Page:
That was Kevin’s number one relief in receiving housing—having a safe place for his medication. In fact, stolen meds led to Kevin’s elevated blood pressure and eventually a spinal stroke, heart attack, and a wheel-chair. All while receiving dialysis three times each week. It’s tragic. His story was first shared at our annual luncheon, True Blessings, last November and you can see his 7 minute video here.
On January 4, Kevin moved to his new apartment and many of the cares of a man experiencing homelessness melted away. He has a safe place to store his medication, he doesn’t have to continually watch his stuff, he can take a shower (for as long as he likes), he can rest comfortably when he needs to, and he can limit who comes in and out of his life. These are important because Kevin is very vulnerable; he has numerous medical conditions and now the challenge of rehabbing his legs. Arguably, if Kevin had had housing and safety, he would have taken his medication consistently and not ended up in cardiac arrest. With all of our chronically homeless neighbors: housing is healthcare. It’s almost impossible to improve your health, or limit ER and hospital visits, without the safety and stability of housing.
Kevin is one of nearly 200 individuals in our scattered site program, using housing vouchers and a case manager to provide permanent supportive housing for those who have experienced homelessness for more than one year and suffer at least one disability. He’s now paired with a case manager, Hiwet, who will help him navigate whatever comes his way with the goal of maintaining his housing and a modest, but very good quality of life. That’s our hope for everyone in the program and the 100 more who will be added over the next year. We want to offer our neighbors the basic safety and stability we all enjoy through housing. It’s better for them and it’s better for our community.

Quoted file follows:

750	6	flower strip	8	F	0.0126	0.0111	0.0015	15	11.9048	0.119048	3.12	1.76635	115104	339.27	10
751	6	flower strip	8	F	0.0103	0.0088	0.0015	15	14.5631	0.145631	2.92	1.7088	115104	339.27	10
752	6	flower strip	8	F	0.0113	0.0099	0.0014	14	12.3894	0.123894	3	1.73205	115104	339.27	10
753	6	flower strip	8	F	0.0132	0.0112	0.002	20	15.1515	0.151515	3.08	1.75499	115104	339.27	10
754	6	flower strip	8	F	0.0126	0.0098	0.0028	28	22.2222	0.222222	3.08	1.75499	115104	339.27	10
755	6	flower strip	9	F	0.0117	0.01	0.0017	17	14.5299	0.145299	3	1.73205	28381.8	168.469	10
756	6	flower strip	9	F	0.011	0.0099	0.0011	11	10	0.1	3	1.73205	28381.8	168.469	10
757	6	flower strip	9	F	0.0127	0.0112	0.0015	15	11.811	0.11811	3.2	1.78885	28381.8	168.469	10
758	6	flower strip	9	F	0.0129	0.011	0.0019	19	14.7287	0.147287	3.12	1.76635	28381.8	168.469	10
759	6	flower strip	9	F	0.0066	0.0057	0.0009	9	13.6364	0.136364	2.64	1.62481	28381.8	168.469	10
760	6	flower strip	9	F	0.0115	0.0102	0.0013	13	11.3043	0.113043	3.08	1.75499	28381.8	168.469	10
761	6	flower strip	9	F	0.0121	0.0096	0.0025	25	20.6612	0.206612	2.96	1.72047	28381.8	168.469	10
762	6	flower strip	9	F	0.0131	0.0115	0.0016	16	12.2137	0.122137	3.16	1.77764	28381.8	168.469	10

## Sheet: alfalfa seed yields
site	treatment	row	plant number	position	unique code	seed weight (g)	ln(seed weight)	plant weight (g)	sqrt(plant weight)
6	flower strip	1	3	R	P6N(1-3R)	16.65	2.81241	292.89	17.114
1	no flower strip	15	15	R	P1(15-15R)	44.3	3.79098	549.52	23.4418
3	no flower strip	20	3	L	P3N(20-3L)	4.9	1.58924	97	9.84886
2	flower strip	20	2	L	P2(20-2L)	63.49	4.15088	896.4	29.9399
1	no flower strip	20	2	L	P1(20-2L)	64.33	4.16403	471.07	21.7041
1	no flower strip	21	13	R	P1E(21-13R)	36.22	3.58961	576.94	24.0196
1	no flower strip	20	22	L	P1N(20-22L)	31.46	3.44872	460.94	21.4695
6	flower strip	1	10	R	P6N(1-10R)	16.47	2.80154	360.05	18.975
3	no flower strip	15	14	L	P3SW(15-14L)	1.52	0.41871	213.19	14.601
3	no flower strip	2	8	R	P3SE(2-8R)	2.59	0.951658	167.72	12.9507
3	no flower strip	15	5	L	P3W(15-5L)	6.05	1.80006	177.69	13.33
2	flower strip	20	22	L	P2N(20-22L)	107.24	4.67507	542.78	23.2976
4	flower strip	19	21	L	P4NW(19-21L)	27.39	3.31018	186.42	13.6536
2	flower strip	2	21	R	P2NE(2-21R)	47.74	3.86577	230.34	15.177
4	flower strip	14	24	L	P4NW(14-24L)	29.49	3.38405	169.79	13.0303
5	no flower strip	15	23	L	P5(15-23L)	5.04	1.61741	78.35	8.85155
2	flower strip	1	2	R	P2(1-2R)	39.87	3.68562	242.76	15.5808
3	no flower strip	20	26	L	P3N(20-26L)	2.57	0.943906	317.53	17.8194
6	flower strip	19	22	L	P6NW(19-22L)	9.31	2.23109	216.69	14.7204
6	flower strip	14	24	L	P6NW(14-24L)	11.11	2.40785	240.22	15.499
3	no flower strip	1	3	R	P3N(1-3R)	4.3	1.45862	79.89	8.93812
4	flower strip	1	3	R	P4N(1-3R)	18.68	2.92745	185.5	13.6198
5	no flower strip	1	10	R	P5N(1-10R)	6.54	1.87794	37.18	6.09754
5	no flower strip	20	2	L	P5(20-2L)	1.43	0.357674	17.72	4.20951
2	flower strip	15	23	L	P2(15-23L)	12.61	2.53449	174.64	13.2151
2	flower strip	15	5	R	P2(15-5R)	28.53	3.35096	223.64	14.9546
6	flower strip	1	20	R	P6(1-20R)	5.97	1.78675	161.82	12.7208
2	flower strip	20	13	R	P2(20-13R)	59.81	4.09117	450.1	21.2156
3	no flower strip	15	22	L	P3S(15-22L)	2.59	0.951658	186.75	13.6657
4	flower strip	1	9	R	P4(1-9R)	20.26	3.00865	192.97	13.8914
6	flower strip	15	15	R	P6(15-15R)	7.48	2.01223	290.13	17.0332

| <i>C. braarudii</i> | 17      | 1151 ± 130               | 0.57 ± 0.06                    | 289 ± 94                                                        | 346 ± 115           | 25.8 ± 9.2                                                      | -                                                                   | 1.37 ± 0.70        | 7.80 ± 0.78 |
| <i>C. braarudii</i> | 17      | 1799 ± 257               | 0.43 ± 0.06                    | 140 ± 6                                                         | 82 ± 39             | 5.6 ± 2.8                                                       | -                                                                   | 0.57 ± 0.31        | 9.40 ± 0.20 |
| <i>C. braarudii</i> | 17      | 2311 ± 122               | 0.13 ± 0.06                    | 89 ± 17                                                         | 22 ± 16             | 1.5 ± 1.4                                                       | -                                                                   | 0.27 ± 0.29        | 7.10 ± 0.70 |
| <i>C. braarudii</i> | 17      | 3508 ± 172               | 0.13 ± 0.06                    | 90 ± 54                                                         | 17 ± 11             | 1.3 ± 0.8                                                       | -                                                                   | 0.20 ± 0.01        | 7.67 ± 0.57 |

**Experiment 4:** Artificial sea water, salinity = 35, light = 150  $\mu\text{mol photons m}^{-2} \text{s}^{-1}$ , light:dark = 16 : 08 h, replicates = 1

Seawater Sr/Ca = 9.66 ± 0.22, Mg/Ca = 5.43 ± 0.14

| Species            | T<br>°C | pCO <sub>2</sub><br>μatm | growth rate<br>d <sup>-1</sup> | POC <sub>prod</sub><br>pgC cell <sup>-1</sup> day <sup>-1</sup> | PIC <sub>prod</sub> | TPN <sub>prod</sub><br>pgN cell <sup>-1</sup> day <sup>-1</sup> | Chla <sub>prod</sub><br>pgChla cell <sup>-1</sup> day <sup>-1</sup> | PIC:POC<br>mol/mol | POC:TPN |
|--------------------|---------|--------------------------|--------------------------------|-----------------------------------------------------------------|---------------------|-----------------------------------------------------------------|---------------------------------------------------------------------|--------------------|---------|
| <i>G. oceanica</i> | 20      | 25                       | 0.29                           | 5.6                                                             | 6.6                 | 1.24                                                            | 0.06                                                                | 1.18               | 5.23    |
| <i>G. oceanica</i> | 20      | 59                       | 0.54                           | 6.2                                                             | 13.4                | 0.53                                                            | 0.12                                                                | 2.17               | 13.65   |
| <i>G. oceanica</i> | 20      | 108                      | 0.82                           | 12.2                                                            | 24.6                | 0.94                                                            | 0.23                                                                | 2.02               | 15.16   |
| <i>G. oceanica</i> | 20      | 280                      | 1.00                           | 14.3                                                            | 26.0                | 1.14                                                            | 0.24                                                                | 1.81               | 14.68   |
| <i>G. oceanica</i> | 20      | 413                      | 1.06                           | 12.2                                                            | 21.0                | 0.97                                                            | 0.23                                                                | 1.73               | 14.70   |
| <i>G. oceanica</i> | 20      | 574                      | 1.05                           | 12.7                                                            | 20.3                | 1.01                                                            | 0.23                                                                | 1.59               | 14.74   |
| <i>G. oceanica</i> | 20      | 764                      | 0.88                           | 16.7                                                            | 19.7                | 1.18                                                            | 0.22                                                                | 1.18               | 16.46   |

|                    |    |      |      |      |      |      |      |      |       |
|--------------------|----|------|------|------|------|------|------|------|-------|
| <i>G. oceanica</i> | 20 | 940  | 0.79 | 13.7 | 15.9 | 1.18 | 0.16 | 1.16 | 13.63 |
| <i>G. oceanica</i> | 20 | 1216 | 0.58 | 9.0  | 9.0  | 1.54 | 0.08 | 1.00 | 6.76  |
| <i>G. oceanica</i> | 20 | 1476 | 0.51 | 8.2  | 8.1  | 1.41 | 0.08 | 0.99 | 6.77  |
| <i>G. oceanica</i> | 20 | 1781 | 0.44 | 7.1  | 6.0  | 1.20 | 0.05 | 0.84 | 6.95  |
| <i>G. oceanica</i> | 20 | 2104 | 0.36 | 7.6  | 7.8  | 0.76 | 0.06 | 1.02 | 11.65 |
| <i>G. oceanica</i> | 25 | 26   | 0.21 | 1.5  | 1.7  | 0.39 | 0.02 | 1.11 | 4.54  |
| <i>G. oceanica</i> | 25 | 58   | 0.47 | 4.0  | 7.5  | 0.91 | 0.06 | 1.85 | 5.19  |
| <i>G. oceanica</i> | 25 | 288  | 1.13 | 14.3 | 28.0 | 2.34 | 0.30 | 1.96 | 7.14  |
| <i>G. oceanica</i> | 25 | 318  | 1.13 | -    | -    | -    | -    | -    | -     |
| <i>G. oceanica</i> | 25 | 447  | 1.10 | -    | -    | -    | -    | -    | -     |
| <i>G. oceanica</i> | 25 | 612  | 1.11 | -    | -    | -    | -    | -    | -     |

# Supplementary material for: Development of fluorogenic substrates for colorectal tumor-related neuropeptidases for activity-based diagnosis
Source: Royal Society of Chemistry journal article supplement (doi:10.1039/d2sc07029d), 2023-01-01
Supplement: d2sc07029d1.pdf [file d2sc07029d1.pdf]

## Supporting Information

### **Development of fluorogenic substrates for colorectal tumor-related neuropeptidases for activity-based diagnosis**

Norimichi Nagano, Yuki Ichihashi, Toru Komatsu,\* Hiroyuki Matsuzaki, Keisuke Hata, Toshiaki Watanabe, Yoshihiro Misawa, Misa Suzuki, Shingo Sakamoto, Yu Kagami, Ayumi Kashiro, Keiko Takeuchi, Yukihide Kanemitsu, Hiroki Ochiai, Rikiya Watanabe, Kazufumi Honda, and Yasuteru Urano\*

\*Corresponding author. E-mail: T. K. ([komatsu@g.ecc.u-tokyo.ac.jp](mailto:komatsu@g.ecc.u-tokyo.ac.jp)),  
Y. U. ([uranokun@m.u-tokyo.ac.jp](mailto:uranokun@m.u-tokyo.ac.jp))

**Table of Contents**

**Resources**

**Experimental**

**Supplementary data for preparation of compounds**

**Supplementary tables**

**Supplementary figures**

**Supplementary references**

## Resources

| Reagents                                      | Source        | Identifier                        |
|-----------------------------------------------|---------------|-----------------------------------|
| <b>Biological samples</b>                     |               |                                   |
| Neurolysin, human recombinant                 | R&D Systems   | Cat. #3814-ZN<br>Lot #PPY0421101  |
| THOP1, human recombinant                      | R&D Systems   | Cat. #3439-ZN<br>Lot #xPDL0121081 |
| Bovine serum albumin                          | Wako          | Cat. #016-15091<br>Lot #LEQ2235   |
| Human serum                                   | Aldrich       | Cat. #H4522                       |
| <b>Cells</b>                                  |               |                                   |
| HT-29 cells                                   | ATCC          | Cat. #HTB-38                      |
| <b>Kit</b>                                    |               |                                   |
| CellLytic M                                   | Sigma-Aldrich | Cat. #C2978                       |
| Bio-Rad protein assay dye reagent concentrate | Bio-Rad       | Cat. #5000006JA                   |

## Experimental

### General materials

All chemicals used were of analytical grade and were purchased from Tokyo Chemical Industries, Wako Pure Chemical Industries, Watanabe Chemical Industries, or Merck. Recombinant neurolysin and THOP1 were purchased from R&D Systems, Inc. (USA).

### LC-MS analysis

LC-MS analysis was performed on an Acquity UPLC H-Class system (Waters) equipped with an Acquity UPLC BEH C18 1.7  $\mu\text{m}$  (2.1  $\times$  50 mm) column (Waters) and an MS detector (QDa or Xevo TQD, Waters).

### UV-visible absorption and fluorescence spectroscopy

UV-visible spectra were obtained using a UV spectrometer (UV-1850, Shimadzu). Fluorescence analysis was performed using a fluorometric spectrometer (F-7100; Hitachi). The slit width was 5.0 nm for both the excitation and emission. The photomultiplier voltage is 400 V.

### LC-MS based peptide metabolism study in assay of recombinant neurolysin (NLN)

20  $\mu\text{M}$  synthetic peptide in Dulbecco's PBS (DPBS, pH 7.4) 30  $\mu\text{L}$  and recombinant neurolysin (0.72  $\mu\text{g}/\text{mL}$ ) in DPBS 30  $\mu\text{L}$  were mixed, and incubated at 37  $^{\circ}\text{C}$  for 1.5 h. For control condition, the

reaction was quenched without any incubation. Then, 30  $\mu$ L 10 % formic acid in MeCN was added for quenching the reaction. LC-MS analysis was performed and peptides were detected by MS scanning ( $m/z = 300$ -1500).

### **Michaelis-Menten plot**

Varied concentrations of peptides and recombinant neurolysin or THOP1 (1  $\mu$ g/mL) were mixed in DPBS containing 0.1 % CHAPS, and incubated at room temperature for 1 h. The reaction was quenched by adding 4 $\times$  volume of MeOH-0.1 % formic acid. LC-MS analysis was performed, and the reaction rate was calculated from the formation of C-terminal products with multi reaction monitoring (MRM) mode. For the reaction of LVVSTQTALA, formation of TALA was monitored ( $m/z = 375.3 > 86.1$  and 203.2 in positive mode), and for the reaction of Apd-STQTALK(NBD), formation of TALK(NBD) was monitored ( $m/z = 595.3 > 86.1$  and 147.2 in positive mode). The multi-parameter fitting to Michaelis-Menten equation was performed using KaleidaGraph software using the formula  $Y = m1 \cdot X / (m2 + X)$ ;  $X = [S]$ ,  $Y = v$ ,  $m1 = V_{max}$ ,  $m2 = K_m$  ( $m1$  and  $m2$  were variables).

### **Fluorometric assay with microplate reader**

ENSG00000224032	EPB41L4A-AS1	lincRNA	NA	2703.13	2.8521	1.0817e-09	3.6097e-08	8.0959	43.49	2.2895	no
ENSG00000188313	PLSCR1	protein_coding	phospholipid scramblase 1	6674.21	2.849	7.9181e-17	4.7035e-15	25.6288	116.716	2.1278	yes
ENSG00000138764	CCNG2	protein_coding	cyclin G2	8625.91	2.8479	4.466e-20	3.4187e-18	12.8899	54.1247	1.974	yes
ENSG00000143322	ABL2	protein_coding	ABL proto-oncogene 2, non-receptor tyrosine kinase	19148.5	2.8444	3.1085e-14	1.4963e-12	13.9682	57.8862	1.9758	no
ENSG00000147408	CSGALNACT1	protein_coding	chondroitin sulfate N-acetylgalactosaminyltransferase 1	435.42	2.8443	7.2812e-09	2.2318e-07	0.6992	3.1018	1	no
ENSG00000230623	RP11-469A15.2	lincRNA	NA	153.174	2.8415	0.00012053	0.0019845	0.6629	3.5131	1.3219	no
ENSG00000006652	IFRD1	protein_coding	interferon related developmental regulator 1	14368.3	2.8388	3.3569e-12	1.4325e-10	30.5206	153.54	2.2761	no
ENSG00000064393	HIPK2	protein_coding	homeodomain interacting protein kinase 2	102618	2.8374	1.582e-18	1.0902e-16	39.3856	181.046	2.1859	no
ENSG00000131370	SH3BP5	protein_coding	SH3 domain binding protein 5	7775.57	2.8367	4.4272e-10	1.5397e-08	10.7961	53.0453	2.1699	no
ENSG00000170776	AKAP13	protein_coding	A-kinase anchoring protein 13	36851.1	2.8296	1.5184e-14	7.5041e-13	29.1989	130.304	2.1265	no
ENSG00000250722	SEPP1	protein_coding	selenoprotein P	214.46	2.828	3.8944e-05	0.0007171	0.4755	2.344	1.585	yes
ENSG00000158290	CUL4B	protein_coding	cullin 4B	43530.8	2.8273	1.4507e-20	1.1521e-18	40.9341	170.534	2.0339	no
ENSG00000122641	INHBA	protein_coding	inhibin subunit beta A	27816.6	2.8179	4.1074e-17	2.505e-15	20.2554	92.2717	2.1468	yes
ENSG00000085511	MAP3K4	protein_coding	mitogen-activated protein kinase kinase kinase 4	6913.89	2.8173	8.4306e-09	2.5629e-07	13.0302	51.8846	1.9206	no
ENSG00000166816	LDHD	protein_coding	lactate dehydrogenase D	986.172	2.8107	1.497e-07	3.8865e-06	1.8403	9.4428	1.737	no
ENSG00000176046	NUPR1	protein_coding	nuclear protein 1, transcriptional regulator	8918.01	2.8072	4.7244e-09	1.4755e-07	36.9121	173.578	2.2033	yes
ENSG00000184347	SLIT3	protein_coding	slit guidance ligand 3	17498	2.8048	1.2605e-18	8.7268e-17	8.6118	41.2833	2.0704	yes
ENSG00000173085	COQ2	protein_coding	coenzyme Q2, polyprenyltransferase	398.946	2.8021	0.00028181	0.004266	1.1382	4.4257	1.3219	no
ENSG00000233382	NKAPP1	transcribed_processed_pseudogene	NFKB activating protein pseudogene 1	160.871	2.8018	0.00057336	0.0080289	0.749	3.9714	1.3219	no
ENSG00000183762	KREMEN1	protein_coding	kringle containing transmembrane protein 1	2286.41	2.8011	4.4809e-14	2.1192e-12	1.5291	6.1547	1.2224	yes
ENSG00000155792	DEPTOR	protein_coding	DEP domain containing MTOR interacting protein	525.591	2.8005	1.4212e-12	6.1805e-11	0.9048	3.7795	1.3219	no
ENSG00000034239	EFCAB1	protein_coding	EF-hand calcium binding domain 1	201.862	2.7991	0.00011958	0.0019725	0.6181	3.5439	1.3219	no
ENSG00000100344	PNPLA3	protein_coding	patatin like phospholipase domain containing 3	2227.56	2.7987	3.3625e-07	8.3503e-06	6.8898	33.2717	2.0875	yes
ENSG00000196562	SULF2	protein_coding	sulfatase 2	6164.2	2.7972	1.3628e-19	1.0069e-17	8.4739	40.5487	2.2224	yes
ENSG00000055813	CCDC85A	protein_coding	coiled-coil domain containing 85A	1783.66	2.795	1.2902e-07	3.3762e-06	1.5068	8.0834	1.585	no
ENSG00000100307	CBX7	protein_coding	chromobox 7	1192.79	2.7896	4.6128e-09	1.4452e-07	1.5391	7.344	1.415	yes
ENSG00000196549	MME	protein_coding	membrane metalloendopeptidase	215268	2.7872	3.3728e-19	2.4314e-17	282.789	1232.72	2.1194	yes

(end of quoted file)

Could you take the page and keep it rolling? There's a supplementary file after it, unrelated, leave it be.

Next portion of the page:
Really, our community has benefited from Kevin sharing his story and inspiring many at True Blessings, including Mary Ruth and Philip Payne. They immediately came forward to see how they could help Kevin and our most vulnerable chronically homeless neighbors; what’s resulted is a fund to help neighbors access housing more quickly. Our new Landlord Incentive Fund will help ease the extra commitments a property owner makes when accepting a housing voucher in a competitive market like Charlotte. There are only 30 available and affordable units per 100 households earning at or below 30% of area median income (National Low Income Housing Coalition, 2017). Because there is such demand for housing here, landlords are often not interested in renting to someone with a voucher. The Fund will help us reduce barriers for our neighbors including repairs, holding fees, rent for vacant apartments, security deposits, or other costs that either prevent or extend the waiting time for our neighbors waiting to be housed. A large gift from the Payne’s will kick-off the fund and begin helping our neighbors almost immediately. Thanks to Kevin, the Payne’s, and some creative solutions, we will house those additional 100 people more quickly!